While this 12-week scan is commonly referred to as the nuchal translucency scan, it is also used to examine other things

While this 12-week scan is commonly referred to as the nuchal translucency scan, it is also used to examine other things

If an abnormality of some kind is detected, it is important to know that these tests are all only screening tests and cannot definitively diagnose a problem. If the screening tests come back abnormal, then you will be offered diagnostic tests such as a chorionic villus sampling or amniocentesis to shed some more light on the problem, if there is one.

Overdue scan

A final important scan that you may be ordered to have is an overdue scan. If you are still pregnant past your due date, this scan will look at the amniotic fluid volumes, placenta (for calcifications), growth and fetal weight, and the blood flow in the umbilical cord. If your caregiver is concerned at all, they will send you for a non-stress test (NST) which measures whether your baby is under any stress in the womb. In between your vital scans and the ones that you may choose to have, you get your routine scans. If you are going through your pregnancy in the government sector, you may only have these scans if your doctor or midwife feels that there are any complications, or if your pregnancy has been diagnosed as high-risk for any reason. Dr. Moodley explains that these scans are done to follow up the growth of the fetus, to look at amniotic fluid volumes and monitor placental condition. Caregivers can use these scans to identify growth restriction in the fetus (IUGR), especially in conditions like pre-eclampsia, or macrosomia in diabetics, or to monitor the condition of placenta praevia.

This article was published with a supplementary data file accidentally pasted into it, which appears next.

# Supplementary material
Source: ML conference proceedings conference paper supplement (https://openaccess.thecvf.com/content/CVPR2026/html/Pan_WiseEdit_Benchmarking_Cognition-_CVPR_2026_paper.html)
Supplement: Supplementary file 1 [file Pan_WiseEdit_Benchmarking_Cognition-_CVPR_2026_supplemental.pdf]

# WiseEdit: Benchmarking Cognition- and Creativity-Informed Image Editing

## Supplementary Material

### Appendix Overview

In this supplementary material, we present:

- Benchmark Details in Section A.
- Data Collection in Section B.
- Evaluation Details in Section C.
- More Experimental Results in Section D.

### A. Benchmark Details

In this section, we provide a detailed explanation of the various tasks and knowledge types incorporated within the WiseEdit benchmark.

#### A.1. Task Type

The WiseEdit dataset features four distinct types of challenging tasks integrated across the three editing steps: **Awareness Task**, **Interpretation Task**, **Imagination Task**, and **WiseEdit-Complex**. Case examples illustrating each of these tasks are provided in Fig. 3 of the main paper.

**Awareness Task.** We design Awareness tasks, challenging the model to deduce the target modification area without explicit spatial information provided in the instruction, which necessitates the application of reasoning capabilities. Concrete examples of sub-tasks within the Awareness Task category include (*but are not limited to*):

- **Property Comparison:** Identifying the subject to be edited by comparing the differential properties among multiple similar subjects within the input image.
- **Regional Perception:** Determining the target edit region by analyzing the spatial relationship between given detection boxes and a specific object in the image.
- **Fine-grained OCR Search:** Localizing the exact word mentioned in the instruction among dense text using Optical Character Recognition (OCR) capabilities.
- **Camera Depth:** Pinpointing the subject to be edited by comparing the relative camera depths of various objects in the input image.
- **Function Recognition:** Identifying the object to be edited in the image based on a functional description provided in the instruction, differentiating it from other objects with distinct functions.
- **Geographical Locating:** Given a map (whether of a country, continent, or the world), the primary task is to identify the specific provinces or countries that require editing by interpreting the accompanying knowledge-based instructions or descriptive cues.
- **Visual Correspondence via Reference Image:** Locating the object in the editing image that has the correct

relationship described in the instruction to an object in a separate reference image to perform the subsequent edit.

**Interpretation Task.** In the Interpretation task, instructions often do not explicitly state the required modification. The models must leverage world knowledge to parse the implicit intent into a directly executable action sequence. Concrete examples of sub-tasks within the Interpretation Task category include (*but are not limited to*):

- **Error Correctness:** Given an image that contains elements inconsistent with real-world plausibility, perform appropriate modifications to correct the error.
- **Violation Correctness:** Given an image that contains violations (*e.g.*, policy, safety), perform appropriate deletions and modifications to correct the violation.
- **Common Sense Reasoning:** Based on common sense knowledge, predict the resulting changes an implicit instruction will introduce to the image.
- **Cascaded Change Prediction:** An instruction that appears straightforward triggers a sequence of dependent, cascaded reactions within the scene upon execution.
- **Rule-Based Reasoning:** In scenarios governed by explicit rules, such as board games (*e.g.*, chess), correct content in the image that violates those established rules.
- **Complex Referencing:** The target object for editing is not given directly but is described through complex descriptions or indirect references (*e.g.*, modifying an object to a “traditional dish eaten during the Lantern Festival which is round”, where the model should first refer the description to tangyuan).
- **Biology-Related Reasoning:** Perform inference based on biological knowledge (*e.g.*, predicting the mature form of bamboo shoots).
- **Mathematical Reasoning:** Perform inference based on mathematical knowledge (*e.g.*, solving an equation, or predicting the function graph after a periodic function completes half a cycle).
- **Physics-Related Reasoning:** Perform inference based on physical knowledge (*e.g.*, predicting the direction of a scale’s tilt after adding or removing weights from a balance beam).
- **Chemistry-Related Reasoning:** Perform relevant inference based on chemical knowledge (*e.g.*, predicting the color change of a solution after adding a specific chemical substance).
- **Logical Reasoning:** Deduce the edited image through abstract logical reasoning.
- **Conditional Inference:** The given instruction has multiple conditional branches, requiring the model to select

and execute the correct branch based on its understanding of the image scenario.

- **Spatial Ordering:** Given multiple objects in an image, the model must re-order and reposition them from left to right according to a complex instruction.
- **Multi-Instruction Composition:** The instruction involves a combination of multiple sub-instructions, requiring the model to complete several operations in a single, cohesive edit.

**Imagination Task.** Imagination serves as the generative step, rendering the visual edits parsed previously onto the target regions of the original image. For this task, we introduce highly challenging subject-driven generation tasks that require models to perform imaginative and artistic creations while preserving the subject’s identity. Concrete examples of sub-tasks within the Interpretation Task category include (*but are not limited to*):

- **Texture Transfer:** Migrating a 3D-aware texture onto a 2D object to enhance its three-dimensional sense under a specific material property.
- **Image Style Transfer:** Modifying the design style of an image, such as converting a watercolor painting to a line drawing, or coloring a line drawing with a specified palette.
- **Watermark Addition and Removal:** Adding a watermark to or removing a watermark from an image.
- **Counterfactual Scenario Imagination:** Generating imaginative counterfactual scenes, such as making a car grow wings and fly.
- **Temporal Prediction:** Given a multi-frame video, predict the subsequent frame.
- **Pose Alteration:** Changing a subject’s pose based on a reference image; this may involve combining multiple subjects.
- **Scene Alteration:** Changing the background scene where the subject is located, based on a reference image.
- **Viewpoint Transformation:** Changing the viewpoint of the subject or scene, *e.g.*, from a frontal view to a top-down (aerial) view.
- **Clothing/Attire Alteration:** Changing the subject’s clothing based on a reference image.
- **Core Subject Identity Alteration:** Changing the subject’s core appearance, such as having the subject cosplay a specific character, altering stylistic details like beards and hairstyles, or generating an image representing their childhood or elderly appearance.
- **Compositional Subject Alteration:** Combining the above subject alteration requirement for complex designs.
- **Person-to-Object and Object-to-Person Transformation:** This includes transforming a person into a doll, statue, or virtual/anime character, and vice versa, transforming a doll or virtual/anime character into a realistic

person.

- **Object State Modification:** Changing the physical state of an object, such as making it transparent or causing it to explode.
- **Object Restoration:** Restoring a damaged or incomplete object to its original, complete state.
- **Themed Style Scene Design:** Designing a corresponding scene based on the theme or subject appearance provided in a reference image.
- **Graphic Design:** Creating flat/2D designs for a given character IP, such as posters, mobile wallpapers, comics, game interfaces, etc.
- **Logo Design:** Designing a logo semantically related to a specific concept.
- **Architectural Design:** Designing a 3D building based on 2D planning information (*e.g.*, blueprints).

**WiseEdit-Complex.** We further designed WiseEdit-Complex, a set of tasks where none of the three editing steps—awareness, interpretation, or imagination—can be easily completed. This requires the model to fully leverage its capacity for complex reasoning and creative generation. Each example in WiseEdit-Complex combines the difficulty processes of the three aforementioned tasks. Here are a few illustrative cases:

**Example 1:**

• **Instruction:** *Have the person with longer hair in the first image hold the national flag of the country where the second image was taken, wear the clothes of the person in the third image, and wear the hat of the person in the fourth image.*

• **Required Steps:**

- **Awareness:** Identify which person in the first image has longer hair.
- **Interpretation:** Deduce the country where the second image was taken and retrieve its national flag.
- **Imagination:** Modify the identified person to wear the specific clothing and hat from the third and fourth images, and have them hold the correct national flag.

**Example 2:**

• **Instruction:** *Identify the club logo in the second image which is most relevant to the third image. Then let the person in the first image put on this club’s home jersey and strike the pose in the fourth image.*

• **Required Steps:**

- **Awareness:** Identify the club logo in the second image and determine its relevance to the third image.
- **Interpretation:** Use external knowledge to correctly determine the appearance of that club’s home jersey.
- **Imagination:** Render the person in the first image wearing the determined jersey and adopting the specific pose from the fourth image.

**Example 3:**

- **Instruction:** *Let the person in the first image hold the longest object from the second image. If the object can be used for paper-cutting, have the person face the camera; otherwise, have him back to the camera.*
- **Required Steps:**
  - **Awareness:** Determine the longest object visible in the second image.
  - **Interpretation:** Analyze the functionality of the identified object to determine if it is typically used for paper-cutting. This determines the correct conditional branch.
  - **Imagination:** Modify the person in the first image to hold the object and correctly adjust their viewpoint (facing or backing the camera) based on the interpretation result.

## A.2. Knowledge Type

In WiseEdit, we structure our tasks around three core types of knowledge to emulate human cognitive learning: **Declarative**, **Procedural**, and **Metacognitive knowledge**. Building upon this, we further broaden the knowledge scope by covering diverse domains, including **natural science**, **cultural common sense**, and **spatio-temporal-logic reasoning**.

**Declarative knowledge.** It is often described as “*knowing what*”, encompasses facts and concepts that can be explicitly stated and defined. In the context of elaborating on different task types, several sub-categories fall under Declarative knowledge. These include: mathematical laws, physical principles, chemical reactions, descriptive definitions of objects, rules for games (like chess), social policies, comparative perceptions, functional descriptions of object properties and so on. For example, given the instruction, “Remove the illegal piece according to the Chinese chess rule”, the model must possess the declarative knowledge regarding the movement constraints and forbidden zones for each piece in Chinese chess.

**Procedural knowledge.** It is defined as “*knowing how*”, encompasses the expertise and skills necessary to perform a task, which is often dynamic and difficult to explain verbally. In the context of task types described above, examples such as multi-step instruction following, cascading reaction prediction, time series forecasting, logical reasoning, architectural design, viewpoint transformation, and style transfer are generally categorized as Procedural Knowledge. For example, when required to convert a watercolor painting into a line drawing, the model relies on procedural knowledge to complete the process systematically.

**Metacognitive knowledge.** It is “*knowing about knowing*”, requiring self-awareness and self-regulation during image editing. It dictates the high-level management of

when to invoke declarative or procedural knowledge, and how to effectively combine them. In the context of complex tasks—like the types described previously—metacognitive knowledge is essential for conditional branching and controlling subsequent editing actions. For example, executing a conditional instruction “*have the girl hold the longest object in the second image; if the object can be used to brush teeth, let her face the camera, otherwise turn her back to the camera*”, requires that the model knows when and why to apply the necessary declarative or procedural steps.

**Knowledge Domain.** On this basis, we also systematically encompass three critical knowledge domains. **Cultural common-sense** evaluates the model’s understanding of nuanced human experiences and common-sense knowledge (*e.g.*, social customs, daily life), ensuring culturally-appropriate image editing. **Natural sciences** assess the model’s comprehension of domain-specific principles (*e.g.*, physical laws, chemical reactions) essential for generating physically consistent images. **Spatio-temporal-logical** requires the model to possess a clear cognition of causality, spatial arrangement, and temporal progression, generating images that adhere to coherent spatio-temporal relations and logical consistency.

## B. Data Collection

Just for fun

There are a few scans that are not entirely necessary, but are optional to you. The 16-week scan is mostly carried out to identify the sex of the baby (although a really experienced fetal medicine sonographer will be able to do this at the 12 week scan). The 3D or 4D scans are a nice-to-have keepsake in pregnancy, as many features, especially facial features, can be identified. In proper hands they can be used to identify or confirm structural or chromosomal abnormalities. But mostly, the 4D scans are not diagnostic, and you may choose to get one done to have the images or DVD as a memento.

There are a few scans that are not entirely necessary, but are optional to you.

There are a few scans that are not entirely necessary, but are optional to you.

For your information

If your 12-week or 20-week scans indicate any abnormalities, you will have the option of doing either an amniocentesis or chorionic villus sampling for further diagnostic investigation.

An amniocentesis is done at around 16 weeks. A needle is passed through the mom’s abdomen, through the uterine wall and into the fluid that surrounds the baby. A small sample of this fluid is removed.

A chorionic villus sampling is usually done at around 11 weeks. A needle is passed through the uterine wall into the placenta and a small sample of the placenta is removed.

In both cases, the sample is sent to the genetic lab where fetal cells are cultured and the chromosomes are analyzed.